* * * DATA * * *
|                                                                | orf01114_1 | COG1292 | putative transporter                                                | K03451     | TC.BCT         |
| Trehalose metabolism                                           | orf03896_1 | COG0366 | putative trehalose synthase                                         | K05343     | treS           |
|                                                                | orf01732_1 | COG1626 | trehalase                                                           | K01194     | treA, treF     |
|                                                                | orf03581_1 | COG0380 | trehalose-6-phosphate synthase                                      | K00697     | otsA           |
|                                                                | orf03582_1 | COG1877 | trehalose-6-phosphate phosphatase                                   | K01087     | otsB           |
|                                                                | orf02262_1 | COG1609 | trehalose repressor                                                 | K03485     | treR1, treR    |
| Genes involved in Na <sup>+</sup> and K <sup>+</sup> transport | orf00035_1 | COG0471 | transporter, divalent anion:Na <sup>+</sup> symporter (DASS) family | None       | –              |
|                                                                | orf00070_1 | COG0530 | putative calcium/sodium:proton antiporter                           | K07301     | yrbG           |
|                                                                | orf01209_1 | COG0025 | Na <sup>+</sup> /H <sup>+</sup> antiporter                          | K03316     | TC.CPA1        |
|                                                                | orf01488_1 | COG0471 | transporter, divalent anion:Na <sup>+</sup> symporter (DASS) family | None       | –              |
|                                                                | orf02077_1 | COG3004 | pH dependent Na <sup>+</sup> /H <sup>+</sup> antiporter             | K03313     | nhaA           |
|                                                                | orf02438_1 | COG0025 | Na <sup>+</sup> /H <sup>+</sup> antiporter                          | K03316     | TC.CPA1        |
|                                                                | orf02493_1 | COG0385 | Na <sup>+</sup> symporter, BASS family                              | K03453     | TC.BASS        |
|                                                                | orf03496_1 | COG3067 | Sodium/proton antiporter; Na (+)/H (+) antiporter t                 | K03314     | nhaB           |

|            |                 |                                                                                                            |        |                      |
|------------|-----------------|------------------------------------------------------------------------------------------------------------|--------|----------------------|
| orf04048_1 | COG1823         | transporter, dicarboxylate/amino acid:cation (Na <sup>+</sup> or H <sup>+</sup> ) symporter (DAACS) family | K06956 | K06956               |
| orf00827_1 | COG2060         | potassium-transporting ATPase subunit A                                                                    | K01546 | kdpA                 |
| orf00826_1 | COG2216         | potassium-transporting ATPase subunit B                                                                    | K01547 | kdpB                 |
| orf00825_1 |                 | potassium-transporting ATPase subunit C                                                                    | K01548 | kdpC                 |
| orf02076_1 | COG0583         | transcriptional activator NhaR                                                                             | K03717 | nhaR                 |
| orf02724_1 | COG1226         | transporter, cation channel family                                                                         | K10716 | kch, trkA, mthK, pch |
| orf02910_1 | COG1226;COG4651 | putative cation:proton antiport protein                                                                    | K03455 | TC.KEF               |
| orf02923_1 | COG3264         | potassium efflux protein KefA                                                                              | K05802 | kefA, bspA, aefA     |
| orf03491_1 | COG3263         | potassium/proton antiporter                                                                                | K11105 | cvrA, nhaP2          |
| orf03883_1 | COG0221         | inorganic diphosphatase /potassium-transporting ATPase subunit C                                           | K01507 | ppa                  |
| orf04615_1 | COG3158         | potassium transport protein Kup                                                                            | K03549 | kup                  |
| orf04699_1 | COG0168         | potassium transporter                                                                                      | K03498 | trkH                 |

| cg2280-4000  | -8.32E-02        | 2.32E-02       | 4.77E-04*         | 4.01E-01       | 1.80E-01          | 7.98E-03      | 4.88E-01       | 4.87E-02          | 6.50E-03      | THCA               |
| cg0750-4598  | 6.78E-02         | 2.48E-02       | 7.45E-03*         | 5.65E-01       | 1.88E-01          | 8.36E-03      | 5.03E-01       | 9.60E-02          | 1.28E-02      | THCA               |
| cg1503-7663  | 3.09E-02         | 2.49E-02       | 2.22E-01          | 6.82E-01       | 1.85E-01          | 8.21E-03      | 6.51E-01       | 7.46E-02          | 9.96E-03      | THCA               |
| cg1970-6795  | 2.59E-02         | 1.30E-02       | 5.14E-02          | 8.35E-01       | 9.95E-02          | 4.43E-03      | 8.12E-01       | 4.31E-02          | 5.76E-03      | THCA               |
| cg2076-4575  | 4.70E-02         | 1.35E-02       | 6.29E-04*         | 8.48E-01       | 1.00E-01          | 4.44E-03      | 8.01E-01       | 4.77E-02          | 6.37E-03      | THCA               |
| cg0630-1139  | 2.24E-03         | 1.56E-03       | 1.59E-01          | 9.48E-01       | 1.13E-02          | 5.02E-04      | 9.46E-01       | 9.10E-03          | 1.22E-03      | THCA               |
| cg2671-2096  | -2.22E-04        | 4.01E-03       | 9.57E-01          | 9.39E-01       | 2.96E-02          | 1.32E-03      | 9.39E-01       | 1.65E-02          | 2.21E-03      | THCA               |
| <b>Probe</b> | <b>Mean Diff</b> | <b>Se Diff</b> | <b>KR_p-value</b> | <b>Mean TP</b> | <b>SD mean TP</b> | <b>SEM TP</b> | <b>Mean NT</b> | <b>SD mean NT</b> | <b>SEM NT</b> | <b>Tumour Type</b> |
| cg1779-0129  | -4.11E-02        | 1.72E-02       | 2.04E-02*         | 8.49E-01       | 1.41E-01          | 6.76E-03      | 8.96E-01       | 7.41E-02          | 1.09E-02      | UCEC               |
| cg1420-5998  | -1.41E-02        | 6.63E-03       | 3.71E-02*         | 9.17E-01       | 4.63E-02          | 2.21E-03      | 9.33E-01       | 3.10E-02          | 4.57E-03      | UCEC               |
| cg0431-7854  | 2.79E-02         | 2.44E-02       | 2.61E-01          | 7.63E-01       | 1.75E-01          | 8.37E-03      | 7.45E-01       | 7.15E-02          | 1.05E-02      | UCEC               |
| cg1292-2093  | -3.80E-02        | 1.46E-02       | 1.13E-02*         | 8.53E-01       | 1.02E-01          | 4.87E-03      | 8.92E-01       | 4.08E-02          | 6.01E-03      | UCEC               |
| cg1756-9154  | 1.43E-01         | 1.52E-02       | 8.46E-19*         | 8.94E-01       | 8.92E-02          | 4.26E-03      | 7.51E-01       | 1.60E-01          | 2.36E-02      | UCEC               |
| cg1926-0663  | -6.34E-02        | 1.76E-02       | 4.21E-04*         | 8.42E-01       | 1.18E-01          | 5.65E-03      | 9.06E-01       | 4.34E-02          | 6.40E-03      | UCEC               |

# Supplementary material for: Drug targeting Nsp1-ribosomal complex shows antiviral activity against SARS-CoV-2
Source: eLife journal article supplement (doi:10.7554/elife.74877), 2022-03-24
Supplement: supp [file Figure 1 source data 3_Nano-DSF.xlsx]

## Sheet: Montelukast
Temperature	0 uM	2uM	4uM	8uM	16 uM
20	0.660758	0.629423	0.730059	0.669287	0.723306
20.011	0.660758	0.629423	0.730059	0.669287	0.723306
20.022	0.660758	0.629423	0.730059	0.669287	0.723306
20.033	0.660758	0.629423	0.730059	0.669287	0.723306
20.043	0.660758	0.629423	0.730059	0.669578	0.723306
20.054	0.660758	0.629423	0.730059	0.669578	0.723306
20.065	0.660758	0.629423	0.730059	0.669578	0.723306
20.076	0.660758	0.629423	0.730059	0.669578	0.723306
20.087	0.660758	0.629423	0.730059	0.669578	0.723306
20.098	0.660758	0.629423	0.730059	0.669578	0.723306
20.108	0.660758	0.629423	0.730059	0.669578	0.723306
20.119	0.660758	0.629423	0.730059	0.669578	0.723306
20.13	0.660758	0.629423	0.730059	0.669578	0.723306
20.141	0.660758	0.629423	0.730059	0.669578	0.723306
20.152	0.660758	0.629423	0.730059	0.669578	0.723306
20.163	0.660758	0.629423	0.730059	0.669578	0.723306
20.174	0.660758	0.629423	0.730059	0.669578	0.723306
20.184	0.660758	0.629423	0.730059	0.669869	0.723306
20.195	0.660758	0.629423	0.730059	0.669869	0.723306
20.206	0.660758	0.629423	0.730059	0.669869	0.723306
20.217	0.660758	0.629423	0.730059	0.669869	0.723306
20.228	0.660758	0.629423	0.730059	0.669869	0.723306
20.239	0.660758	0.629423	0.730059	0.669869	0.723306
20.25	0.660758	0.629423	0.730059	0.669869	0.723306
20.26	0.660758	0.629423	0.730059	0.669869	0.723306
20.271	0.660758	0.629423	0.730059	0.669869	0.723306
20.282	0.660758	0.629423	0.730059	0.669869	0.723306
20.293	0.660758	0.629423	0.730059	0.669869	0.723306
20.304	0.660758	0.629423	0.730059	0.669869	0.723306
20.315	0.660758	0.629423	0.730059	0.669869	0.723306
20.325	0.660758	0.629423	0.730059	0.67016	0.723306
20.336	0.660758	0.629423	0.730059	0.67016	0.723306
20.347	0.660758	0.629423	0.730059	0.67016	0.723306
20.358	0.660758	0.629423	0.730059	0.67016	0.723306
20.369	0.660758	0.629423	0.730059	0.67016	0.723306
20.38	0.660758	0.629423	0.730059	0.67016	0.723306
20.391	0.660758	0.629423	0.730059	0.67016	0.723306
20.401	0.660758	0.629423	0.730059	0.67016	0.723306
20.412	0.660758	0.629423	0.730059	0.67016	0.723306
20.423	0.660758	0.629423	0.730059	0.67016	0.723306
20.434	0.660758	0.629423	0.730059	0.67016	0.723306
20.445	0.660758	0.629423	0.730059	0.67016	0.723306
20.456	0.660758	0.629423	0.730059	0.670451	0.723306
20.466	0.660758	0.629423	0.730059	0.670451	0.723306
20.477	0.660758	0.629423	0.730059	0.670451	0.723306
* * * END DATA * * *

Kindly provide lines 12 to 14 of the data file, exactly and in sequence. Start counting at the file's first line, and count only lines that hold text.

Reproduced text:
|                                                                | orf02438_1 | COG0025 | Na <sup>+</sup> /H <sup>+</sup> antiporter                          | K03316     | TC.CPA1        |
|                                                                | orf02493_1 | COG0385 | Na <sup>+</sup> symporter, BASS family                              | K03453     | TC.BASS        |
|                                                                | orf03496_1 | COG3067 | Sodium/proton antiporter; Na (+)/H (+) antiporter t                 | K03314     | nhaB           |